May 12, 2021

Dissertation Award Fellows, 2021 – 2022

Transdisciplinary Mindset - Neural Network

It is our pleasure to announce the TNDY Dissertation Award Fellows for 2021 – 2022. The six recipients and brief descriptions of their dissertation projects are listed below. This is an impressive set of projects and illustrates that high quality, high impact research is being conducted across all disciplines here at CGU. Congratulations!

Cindy Delgado

School of Community & Global Health

“Transdisciplinary Evaluation of Telehealth Experiences of Diabetic Participants’ and their Coaches’ in “Stopping Diabetes in its Tracks” (SDIT) a Descriptive Mixed-Methods Customer Experience Map Journey"

This study will capture the experiences of diabetic patients and their coaches during the covid-19 transition to virtual delivery. A journey map will be created of Stopping Diabetes in Its Tracks (SDIT), a transdisciplinary engineered system that delivers holistic Diabetes Prevention (DPP) and management. Interviews and quantitative surveys will develop personal perspectives to inform equitable telehealth infrastructure and virtual delivery of future programs. Previous research has focused on the feasibility and effectiveness of in-person versus telehealth delivery of DPP. However, few studies have merged perspectives from the field of ethnic studies, public health, and customer service research during a pandemic.

Adrineh Gregorian

School of Arts & Humanities

“Cross-Border Peace Building and Gender Inclusivity: The Case of Nagorno-Karabakh”

Women are building peace networks in the fringes of the current Nagorno-Karabakh conflict between Armenia and Azerbaijan. This dissertation focuses on how women in conflict regions are contributing to peace building measures through their employment of digital tools. In doing so, they are redefining themselves and their roles in society. My research analyzes how women from these countries address problems related to a) gender inequities, b) women’s inclusion in peace building processes, c) how the affect of conflict influences peace building, and d) the use of new technology in digital spaces for building peace networks that transcends borders.

Soha Hammam

Division of Politics & Economics

“How civil resistance works: A Multi-Method Analysis of Civil Resistance Dynamics and Outcomes”

The question of whether civil resistance works, and how it could lead to a pronounced change has occupied the minds of scholars for decades. With the complexities of the factors involved and the dynamic interactions among them, computational social science methods present innovative tools that can uncover the underlying principles of civil resistance. My dissertation introduces a framework that moves beyond individual domains into a more systemic analysis of civil resistance. This has a major potential not only for researchers, but also for policymakers who often time face difficulty evaluating global waves of civil resistance as they unfold.

Bree Hemingway

Division of Behavioral & Organizational Sciences

“Evaluation Training in Public Health: Exploring a New Approach”

Program evaluation is an essential function of public health practice. Despite the importance of evaluation within public health, inconsistent exposure to evaluation principles and methodology within Master of Public Health (MPH) programs inadequately prepare students for conducting evaluation. The proposed three-phased mixed-methods study supplements literature in public health, evaluation and education and aims to improve evaluation training for MPH students. Qualitative research in phase one informs phase two— development of an online evaluation training for MPH students. The third phase, a quasi-experimental study measures the effectiveness of the training to improve MPH students’ knowledge, attitudes and self-efficacy to conduct evaluation.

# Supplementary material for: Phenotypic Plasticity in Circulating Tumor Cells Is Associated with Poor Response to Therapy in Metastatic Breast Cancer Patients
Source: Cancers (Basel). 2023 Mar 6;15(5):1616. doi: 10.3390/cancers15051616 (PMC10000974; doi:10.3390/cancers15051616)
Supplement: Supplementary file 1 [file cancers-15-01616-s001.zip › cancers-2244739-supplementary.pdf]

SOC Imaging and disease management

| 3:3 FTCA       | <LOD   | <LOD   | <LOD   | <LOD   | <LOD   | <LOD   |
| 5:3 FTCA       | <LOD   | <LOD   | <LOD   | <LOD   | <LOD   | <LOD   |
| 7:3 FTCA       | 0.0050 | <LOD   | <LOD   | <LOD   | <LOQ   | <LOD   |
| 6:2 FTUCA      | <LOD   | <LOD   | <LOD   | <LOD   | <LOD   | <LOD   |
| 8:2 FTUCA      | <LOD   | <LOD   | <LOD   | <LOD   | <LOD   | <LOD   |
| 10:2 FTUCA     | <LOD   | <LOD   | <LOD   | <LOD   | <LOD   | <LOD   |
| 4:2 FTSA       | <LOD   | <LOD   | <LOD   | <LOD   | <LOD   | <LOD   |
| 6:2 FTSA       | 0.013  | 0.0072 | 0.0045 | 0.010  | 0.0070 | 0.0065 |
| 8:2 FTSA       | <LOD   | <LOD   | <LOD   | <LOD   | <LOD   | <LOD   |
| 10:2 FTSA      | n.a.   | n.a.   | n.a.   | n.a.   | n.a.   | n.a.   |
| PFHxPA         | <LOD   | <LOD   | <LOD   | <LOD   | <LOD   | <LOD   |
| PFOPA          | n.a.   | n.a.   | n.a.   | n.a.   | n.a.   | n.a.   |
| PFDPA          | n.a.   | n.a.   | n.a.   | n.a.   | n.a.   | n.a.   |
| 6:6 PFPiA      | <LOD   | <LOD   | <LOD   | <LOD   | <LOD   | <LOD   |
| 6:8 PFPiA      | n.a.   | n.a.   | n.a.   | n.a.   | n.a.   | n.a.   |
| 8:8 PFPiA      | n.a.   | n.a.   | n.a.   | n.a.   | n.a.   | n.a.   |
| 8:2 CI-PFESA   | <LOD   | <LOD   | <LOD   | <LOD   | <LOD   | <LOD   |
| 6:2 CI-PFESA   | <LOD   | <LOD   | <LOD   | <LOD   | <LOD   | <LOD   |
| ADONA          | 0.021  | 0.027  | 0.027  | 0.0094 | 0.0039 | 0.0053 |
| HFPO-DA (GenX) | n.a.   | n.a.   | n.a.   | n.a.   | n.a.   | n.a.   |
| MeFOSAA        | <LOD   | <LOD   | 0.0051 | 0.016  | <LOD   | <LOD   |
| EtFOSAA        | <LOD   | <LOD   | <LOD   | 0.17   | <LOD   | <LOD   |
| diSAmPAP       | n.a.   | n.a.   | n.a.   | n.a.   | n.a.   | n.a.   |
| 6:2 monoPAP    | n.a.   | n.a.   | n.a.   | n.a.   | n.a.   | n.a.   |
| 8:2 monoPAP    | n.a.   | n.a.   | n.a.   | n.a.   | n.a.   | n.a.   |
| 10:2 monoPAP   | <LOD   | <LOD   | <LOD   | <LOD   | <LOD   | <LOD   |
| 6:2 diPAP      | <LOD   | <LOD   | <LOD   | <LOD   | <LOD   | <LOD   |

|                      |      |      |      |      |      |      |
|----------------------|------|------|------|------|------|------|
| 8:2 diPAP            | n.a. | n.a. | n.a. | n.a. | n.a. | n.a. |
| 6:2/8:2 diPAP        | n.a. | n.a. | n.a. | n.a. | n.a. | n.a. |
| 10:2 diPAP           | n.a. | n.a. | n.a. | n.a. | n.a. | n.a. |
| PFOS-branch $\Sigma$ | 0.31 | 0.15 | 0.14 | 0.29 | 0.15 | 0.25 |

Melanie Lindsay

School of Arts & Humanities

“Toward an Ethics of Self-Care: The Performative Poetics of Maya Angelou, Audre Lorde, and Patrice Cullors”

My dissertation, “Toward an Ethics of Self-Care: The Performative Poetics of Maya Angelou, Audre Lorde, and Patrice Cullors,” hypothesizes that we can conceive an ethical practice of self-care through a close reading of the writings and performances of Angelou, Lorde, and Cullors. Through this project I ask whether the performative works of three Black feminists can yield a notion of ethical self-care. If we examine their thinking as expressed through their poetry, their performances (including activism), and their self-life-writing would we be able to locate an ethical practice that robustly sustains lives often lived under conditions of duress?

Conrad Pruitt, Jr.

School of Arts & Humanities

“Black Memorabilia and the Racial Dialectic: Contesting Significations of Race”

Recently, racist collectibles have experienced a renaissance, circulating through conventions and social media trades. Surpassing mere reflections of antiquated attitudes, black ephemera reinforce validations of racial distinction and hegemonic domination. This project will explore the meanings of these objects: their inferiority-affirming stereotypes, and how such perceptions of blackness intersect with their use-value as domestic items. By examining the treatment of black collectibles in critical studies, museums, social media posts, price guides and literary works from postcolonial and psychoanalytic perspectives, my dissertation will illuminate the significance of these objects as representations of the complex dynamics of defining the black racial identity.

Again, congratulations on your accomplishments and we wish you a productive year with your research and writing.